Critical Time Intervention (CTI) is an evidence-based psychosocial intervention designed to prevent recurrent homelessness among people with severe mental illness by enhancing continuity of care during the transition from institutional to community living. CTI involves 3 three-month phases, including (a) transition to the community; (b) try-out, and (c) transfer of care. While CTI's structure has been well articulated, details about model implementation in community settings require further specification in order to identify essential practice skills, bolster model fidelity, and inform program dissemination. From the first-hand experiences of CTI workers trained by the model developers, this study aims to identify workers' perspectives on the goals and functions of CTI, theorize essential strategies in implementation, and conceptualize key structural influences on CTI practices.
This grounded theory study involved twelve participants who experienced in the delivery of CTI, including clinical staff from an NIMH-funded clinical trial as well as workers from four community agencies providing CTI services in New York City. They varied in their racial and educational backgrounds, age (26 – 55 years), and time in the current position (0.8 – 10 years). Data were collected through semi-structured, one-on-one, audio-taped, 40-90 minute-long interviews with the principal investigator. The initial interviews involved broad, open-ended questions which then evolved on the basis of ongoing analysis for each subsequent interview to collect most relevant data for the conceptualization of CTI practices. Verbatim transcripts were analyzed line-by-line by using dimensional analysis procedures to identify and conceptualize key elements that altered CTI workers' practices with clients.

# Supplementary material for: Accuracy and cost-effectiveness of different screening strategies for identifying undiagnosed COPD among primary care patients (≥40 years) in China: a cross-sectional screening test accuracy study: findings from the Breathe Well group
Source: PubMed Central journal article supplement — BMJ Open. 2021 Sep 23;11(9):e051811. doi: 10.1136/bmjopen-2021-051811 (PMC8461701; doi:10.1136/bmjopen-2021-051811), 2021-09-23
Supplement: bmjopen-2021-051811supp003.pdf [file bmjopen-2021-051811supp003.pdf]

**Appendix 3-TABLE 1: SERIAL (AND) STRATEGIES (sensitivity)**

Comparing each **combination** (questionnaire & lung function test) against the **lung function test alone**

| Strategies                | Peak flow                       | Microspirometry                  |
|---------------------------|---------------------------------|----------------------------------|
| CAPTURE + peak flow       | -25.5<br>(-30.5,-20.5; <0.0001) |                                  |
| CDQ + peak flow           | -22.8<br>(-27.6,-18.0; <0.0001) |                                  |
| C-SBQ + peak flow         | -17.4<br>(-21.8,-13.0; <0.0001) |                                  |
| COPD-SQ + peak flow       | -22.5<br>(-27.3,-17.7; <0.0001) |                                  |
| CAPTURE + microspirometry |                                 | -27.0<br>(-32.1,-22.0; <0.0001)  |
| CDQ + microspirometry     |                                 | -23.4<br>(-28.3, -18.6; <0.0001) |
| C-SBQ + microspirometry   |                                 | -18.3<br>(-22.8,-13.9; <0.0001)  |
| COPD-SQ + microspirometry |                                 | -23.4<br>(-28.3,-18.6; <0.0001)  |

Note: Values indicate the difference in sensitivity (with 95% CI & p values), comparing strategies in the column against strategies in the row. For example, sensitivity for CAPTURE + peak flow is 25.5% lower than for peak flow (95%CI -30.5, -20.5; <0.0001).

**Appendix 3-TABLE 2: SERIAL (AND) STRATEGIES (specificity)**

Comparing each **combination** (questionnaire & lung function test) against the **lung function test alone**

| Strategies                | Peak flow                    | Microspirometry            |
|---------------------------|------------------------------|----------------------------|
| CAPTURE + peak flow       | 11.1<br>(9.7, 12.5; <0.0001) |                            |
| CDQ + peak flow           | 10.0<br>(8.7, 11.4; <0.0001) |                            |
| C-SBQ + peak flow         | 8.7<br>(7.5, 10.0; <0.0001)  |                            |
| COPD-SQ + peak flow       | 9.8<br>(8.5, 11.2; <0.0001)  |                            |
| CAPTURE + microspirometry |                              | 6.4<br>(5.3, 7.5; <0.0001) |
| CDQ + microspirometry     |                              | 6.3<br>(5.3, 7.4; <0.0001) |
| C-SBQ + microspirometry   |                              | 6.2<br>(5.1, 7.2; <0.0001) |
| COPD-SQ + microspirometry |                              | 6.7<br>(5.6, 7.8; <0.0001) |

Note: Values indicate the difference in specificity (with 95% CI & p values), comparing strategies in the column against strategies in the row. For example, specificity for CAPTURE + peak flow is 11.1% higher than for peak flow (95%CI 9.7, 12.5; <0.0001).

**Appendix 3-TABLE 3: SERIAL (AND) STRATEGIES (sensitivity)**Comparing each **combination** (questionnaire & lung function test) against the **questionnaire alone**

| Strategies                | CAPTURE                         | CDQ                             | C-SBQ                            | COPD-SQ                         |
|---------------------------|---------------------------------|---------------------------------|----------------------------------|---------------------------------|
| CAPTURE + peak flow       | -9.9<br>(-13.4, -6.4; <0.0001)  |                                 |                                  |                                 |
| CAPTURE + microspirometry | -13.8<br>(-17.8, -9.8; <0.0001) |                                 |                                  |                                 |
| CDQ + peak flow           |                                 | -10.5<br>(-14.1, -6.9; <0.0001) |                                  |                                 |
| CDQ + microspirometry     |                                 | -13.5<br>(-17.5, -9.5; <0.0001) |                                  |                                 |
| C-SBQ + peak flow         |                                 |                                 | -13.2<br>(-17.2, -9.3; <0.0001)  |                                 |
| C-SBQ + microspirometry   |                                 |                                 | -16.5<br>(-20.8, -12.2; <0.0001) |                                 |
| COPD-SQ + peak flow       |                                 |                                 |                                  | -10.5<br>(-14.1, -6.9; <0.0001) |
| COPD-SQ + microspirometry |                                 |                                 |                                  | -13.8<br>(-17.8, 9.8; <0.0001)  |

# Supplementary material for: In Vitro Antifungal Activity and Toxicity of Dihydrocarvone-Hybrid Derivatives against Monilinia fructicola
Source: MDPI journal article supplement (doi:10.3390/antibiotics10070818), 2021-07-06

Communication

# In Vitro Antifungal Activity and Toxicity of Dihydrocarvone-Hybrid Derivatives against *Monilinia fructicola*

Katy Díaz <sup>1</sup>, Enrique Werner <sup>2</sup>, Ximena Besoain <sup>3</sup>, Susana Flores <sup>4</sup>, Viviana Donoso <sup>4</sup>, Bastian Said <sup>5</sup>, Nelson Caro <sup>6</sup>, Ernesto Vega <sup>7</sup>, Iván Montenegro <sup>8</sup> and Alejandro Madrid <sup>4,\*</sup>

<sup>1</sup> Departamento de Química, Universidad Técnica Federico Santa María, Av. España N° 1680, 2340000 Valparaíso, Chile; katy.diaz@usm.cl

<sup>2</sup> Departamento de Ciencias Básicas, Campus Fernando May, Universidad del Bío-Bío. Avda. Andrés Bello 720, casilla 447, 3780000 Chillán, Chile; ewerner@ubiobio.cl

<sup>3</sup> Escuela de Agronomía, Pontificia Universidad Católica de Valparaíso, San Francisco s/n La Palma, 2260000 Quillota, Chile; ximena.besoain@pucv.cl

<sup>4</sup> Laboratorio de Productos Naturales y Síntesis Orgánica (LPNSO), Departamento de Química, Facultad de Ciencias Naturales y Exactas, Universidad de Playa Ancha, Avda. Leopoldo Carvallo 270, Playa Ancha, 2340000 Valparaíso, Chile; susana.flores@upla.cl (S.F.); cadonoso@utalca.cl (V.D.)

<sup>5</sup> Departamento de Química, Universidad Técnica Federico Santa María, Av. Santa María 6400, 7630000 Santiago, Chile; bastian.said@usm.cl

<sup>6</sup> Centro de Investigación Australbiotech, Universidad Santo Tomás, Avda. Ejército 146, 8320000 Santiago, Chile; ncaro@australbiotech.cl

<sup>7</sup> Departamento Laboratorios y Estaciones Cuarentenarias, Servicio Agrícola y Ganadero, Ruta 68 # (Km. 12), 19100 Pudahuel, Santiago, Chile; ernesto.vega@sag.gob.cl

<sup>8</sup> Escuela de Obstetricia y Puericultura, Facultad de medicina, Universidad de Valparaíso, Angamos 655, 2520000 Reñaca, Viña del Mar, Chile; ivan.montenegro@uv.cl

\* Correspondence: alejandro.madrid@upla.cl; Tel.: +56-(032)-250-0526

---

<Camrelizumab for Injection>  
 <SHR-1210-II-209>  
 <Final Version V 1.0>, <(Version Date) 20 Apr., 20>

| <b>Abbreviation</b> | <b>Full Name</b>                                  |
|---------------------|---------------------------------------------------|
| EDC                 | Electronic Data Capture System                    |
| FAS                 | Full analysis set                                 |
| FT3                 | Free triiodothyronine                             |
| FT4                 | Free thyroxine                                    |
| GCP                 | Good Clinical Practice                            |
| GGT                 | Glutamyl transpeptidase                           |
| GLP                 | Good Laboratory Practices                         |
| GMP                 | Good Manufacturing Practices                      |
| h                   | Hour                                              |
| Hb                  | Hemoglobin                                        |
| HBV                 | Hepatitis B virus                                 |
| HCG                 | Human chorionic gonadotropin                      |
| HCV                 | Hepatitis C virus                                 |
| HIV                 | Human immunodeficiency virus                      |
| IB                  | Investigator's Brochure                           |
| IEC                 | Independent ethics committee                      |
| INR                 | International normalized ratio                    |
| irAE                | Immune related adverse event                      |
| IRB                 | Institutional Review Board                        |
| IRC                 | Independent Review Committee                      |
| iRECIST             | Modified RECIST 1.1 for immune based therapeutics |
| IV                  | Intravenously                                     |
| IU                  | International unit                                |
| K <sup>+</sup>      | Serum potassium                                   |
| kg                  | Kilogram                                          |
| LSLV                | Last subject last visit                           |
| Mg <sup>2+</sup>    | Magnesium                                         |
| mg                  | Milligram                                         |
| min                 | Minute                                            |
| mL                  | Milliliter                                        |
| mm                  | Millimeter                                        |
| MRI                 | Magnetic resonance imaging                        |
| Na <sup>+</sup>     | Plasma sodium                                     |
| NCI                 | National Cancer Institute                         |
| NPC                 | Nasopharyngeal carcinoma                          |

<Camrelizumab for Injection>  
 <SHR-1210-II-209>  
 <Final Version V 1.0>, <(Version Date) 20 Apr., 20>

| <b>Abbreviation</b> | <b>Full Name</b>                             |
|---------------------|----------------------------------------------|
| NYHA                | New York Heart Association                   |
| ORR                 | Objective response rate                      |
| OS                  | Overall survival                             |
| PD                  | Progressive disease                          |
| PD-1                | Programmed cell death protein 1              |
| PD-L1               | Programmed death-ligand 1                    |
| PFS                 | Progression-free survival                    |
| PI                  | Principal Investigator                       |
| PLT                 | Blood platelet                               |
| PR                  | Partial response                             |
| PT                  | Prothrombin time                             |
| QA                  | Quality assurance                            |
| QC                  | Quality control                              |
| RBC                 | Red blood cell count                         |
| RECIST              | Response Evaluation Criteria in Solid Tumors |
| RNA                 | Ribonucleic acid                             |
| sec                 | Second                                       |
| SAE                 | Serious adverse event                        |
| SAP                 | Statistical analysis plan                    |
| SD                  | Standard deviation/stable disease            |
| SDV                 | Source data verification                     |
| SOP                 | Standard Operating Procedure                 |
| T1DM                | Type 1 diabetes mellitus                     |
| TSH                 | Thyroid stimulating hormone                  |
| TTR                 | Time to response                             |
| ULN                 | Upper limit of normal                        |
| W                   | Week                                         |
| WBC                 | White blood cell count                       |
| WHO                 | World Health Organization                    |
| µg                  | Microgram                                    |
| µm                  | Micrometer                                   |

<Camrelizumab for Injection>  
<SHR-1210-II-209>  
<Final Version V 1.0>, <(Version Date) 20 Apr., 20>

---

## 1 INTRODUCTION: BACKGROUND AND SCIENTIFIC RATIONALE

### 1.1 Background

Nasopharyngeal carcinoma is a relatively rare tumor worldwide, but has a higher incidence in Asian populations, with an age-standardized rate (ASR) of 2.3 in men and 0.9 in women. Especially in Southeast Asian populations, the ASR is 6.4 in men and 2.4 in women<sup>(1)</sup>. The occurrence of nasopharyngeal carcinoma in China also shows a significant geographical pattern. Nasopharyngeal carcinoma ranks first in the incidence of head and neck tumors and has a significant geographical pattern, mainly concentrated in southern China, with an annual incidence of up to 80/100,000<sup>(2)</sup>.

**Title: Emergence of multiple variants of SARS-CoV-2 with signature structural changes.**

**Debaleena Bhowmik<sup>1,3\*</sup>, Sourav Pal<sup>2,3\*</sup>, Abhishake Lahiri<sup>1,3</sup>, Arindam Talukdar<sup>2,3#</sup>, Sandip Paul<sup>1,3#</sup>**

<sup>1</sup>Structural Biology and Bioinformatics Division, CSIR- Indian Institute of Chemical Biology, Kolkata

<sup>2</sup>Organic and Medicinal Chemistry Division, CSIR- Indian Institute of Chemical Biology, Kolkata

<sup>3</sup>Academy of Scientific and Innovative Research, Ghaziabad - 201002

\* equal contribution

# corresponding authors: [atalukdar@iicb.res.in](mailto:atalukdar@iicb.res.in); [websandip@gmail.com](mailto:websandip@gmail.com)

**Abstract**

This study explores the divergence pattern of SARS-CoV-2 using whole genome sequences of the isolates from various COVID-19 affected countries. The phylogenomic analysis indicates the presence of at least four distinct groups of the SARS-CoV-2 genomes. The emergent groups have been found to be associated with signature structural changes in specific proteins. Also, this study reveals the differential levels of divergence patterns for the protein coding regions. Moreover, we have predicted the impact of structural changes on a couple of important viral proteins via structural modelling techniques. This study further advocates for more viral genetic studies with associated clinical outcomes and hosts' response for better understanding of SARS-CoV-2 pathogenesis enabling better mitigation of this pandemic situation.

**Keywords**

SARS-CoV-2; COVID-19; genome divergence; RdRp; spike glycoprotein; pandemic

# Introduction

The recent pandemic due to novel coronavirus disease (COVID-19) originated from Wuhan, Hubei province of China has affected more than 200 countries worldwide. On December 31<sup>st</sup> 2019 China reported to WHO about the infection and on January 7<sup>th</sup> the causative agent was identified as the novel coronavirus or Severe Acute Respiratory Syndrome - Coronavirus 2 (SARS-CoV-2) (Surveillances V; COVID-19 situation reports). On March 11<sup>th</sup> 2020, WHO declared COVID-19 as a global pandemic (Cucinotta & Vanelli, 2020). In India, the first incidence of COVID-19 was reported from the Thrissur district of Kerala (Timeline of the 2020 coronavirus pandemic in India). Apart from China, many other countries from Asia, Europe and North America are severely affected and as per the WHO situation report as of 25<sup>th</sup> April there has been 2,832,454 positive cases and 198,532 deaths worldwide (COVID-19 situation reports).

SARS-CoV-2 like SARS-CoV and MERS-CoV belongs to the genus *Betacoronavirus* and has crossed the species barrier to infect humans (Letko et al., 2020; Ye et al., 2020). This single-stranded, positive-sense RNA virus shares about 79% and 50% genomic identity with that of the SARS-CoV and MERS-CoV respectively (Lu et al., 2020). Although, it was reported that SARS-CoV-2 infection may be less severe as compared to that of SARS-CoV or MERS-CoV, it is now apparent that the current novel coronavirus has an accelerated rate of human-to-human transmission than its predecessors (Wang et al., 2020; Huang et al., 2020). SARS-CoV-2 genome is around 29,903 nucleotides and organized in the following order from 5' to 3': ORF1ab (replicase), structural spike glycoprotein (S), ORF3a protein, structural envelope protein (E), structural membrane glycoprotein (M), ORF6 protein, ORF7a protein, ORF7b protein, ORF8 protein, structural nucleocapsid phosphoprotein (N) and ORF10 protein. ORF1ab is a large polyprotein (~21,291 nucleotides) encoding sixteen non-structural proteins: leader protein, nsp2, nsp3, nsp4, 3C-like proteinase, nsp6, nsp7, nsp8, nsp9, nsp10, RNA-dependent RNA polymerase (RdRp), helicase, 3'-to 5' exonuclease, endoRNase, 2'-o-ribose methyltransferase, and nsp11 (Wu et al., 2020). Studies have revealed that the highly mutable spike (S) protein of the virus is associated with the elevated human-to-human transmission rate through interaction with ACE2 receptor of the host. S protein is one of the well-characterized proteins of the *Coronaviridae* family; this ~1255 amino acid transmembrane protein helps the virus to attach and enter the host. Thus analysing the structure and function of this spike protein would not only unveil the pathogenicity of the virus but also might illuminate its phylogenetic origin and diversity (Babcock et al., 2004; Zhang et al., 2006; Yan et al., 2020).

CTI workers perceived the ultimate goal as to help clients to develop independence and live stably in community housing with adequate support. CTI thus functioned to help clients to adjust to community living, remove barriers to housing stability, and develop community supports. Practices were influenced by client variations, the model design, service settings, and systemic constraints
Significant client variations included the impact of homelessness over client life course, clients' awareness of their mental health condition, and clients' goals and motivations in receiving CTI services. To facilitating client readiness for transition, CTI workers developed a trusting relationship and moved clients along by motivating clients, making use of client motivation, and keeping clients motivated.
Workers also integrated structural influences into CTI practices. Workers used CTI phases to guide service progression and the timeline to stay focused. They took advantages of agency housing application services, residential programs, and existing support/treatment programs to facilitate the transition. They also needed to accommodate systemic constraints such as limited housing and providers' availability to match with client preference in CTI practices.
Findings suggest that specific practices addressing client variation are important to consider in implementing the model and developing fidelity measures. Findings show CTI's role as a transitional model where both ends of the transition – the host setting of CTI and the housing placement for the client – shape practices and strategies used to achieve program effects. Thus, effective dissemination requires knowledge of broader service systems and organizational resources that may facilitate or hinder successful program adaptation.